New rules set for gaur-spotting
Nakhon Ratchasima: The Department of National Parks, Wildlife and Plant Conservation (DNP) has agreed on a set of wildlife spotting rules with a famous Buddhist monastery located in the Khao Phaengma Non-Hunting Area.
The rules were set after a video of the abbot of Subthawee Dhammaram Monastery, Phra Kanha Sookkamo, leading a gaur-spotting tour in an area designated as off-limits by park authorities, went viral on social media.
The video showed the abbot and his team driving through a restricted part of Khao Phaengma Non-Hunting Area in Wang Nam Khieo district, adjacent to the monastery.
Witnesses said the convoy acted "like VIPs" and the sound of their engines scared the gaurs, concerning many who feared the gaurs may run amok and attack them.
After the video went viral, a probe found the monastery did not ask for permission to enter the restricted area, prompting the DNP to invite Phra Kanha Sookamo for talks early last week.
"The monastery understands our regulations and pledged to be more cooperative and observe the rules. They promise to seek permission before entering off-limit areas in the future," said the director of Protected Areas Office 7, Sitthichai Sereesongsaeng, at a media briefing about the discussion.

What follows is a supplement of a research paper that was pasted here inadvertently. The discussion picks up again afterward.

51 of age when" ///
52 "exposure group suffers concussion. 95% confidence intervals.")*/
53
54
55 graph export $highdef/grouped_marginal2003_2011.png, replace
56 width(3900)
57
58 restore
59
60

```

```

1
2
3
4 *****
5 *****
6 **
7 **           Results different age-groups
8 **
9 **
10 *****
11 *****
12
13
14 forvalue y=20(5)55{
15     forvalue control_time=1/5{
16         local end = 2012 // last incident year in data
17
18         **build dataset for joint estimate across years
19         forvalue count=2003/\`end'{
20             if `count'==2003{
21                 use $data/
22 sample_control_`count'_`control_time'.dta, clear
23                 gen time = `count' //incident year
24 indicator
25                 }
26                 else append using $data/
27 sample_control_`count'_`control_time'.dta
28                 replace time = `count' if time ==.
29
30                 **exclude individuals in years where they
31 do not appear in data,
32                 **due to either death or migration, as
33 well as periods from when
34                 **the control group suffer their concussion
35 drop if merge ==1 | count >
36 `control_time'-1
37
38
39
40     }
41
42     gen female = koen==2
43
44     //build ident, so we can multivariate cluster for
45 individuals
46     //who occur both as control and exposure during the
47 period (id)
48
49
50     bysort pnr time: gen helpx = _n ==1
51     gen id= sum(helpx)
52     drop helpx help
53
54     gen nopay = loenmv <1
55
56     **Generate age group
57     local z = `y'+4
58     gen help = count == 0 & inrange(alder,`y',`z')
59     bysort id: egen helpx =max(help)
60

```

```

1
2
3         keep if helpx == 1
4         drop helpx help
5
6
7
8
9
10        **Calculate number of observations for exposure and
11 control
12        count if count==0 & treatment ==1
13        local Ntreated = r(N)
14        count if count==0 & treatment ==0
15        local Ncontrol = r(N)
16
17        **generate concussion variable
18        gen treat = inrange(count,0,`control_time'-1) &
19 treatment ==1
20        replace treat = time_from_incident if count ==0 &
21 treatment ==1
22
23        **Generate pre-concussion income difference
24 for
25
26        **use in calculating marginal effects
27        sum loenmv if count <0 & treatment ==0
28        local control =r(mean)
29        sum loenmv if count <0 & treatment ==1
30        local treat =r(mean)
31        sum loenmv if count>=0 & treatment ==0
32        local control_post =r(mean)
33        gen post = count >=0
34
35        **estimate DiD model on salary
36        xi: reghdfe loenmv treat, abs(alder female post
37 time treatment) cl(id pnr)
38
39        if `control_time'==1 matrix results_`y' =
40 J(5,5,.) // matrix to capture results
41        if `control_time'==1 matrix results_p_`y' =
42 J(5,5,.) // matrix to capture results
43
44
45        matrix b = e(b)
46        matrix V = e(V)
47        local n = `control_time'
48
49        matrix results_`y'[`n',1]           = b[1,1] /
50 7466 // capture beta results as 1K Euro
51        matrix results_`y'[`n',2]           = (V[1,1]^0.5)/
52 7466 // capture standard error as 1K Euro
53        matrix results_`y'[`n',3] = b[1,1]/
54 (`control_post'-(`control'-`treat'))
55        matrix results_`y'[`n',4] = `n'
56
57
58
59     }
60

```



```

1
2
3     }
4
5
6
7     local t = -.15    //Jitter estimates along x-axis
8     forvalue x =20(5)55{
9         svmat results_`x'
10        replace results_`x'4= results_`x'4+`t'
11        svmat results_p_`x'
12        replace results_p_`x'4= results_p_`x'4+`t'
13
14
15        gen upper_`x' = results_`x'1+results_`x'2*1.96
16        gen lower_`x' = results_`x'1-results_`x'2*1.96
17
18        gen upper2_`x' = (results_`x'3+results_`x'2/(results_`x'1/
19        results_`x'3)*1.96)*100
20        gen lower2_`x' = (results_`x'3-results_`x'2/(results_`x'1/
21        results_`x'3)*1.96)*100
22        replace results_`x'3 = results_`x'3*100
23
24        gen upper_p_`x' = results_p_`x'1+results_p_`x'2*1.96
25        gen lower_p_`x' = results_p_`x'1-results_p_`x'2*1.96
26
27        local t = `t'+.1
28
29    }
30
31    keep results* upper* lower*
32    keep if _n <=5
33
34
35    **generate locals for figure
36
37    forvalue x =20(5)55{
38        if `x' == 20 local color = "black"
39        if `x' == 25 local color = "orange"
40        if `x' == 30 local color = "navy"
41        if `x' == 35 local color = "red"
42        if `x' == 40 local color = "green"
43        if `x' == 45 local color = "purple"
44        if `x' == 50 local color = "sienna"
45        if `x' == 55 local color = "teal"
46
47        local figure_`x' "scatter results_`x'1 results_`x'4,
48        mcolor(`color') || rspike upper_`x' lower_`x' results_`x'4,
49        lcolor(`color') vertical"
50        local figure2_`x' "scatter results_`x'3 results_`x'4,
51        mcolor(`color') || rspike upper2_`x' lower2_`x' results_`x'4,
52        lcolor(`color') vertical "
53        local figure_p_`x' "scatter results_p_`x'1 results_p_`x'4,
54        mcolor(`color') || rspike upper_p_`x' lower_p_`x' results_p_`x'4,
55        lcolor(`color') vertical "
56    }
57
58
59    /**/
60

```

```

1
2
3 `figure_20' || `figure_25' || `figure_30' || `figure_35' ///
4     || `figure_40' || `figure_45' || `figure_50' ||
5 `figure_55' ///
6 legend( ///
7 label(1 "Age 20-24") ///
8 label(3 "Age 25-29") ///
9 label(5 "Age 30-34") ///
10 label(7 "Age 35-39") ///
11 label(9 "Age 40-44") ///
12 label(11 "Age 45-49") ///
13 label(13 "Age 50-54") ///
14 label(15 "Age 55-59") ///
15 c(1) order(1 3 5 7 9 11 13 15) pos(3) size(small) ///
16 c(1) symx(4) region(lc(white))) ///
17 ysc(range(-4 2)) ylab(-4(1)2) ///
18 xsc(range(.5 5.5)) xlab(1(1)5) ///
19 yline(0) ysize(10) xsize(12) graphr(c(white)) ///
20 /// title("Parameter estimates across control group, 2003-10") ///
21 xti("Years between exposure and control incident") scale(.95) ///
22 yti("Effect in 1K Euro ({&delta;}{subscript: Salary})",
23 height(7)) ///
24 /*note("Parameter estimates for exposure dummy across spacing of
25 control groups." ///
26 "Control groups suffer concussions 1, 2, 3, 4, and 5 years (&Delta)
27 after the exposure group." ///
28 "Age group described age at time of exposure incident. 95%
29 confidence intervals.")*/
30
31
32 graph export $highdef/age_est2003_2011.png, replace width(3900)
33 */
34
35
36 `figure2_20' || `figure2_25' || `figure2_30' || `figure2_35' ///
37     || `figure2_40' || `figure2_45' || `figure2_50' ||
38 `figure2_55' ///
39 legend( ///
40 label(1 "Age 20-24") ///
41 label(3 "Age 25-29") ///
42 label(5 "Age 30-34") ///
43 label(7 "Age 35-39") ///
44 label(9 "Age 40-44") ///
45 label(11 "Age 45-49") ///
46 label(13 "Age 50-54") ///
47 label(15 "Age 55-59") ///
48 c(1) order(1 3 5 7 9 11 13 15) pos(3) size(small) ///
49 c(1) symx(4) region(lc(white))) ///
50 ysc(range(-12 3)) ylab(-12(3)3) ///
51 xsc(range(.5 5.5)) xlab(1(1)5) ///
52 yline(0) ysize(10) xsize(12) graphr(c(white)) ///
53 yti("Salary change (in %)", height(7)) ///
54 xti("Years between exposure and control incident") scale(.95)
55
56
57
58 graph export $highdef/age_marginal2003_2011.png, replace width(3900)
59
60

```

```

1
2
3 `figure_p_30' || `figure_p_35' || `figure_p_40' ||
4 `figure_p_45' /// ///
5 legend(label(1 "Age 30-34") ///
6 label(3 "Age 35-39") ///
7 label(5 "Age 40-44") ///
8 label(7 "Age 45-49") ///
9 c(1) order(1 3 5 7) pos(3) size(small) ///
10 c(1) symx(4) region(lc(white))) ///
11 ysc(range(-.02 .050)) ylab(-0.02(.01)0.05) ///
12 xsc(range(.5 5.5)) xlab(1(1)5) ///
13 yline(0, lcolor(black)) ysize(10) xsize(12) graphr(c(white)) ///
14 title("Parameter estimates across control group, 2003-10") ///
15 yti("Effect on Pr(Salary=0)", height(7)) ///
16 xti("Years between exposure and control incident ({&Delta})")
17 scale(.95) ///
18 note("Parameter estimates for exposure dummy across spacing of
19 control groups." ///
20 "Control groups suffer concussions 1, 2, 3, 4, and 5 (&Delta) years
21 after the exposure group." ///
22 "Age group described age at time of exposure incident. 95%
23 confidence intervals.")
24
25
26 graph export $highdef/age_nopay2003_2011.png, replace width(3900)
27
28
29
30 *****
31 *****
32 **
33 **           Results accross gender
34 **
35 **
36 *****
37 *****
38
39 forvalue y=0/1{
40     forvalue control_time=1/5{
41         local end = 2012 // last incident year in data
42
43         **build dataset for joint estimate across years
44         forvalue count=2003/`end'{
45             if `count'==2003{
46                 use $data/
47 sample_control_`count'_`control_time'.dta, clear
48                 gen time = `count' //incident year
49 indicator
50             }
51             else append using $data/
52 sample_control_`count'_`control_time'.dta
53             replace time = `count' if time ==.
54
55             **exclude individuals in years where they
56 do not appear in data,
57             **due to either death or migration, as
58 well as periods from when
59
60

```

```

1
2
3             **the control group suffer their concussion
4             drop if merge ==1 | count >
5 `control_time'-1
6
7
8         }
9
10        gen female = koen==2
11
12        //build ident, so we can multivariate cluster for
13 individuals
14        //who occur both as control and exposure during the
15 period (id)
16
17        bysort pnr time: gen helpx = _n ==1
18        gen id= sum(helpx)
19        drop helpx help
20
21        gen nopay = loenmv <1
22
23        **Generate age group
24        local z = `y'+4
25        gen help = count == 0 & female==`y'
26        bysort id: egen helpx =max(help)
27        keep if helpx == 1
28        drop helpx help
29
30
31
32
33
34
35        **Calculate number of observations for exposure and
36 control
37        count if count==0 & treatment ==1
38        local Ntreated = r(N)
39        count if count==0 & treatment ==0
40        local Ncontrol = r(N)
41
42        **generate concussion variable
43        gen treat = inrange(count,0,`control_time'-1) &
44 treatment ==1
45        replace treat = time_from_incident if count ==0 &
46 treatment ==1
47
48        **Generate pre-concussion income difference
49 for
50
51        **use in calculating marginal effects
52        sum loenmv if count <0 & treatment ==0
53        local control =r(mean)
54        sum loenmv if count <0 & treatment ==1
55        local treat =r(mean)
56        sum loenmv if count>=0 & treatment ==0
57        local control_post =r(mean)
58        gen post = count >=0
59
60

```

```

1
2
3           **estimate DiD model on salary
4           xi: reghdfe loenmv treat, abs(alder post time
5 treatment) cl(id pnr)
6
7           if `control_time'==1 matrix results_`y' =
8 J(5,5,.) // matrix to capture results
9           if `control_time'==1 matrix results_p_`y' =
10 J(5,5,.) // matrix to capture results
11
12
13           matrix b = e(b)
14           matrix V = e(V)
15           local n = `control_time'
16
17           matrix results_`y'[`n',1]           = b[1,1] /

Subthawee Dhammaram monastery is famous among those in the upper reaches of Thai society and counts many high-ranking military officers among its followers.
The monastery is also known for working closely with residents and the DNP on community development.
They helped fund the 10-kilometre-long electrified fence to stop wild gaurs from venturing into residential areas, Mr Sitthichai said.
It was reported the abbot told the DNP that he and his entourage had to trespass into the restricted area because he wanted to check on the state of the grass there after working with the department on a project to help protect the gaurs' source of food.
Located within Khao Yai National Park, the 5,000-rai Khao Phaengma Non-Hunting Area is the best location to see gaurs in Thailand, as it is home to about 300 wild gaurs.
But their population is on the rise, posing questions about how gaurs can co-exist sustainably with the local community.